The human rights cost of fast fashion

by Kayleigh White |

11 million garments end up in UK landfills each year | image from

The fast-fashion industry is a fast-growing environmental, economic and moral problem, and one that often isn’t discussed. 3 in 10 people claim that they are reluctant to change their fast-fashion habits, which adds to the 11 million garments that end up in UK landfill each year.

As students, we’re easily tempted into discounts, ordering cheap products from big brands online for convenience, such as Pretty Little Thing, Boohoo and Nasty Gal. However, we rarely stop to consider the effects that this has on our surroundings. Zara, one of the biggest suppliers to the fast-fashion industry, produces 18 new lines annually, which are made within 3 weeks.

This disastrous link between capitalism and consumerism raises a moral question

Not only does this have a damaging impact on the environment and sustainable living, but this disastrous link between capitalism and consumerism raises a moral question too. Most workers that are enslaved into production for the fast-fashion industry are paid low wages to work in poor conditions, for 120 hours a week on average, but still struggle every month.

One of the worst industrial accidents was the Rana Plaza incident in Bangladesh in 2013, in which 1134 workers were killed and over 2000 injured when a building collapsed. It was concluded that the incident was preventable, had the building been cared for, and that the environment should have been declared unsafe for use. Protests for higher wages and better conditions result in protest often end in violence, and the repressive cycle of the fast-fashion industry continues.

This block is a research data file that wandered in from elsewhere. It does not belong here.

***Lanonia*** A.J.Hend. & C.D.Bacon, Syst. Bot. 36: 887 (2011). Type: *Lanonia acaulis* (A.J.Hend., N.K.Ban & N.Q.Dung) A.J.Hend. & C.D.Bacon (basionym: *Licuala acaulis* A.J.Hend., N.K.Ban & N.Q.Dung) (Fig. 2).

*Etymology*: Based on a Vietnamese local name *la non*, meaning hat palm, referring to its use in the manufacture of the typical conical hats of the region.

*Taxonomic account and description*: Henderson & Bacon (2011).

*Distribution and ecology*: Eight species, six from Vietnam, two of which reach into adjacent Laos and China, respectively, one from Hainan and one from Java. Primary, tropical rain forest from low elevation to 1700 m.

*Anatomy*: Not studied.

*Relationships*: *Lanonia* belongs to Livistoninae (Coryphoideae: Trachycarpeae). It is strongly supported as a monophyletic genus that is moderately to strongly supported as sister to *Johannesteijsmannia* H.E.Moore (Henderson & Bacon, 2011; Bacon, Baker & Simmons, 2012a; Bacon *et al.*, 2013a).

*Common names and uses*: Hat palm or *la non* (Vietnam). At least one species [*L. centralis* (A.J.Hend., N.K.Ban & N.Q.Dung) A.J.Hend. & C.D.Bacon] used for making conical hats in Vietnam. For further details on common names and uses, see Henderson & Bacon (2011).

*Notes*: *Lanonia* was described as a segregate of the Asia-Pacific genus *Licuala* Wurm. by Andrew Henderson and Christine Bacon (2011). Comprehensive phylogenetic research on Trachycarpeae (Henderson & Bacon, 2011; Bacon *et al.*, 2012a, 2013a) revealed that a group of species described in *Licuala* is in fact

Therefore, we need to ask ourselves: “what can we do about it? How can we contribute to sustainable living? What solutions can we create?” Students can most definitely have a huge impact on preventing the fast-fashion industry from expanding.

The Amnesty Society are the answer. They are organising a ‘Kilo Swap Sale’ in late November at the Stannary over 2 weekdays, with prices starting at as little as £1. This will include jewellery, clothing and homeware. All money raised will go to exploited workers within the fast-fashion industry, and all unwanted clothes will be donated to a local refugee centre. To get involved, the SU Amnesty International Society are contactable through their Facebook page.

Fashion doesn’t have to be expensive!

Lastly, top tips for sustainable fashion include buying from charity shops, attending clothes swap sales, or buying from reliable, ethically friendly brands that create long-lasting fashion; as students, fashion doesn’t have to be expensive! As one unified body, we can prevent the industry from increasing its profits, sustaining the environment’s already drastic situation, and help those who are trapped working within these devastating conditions.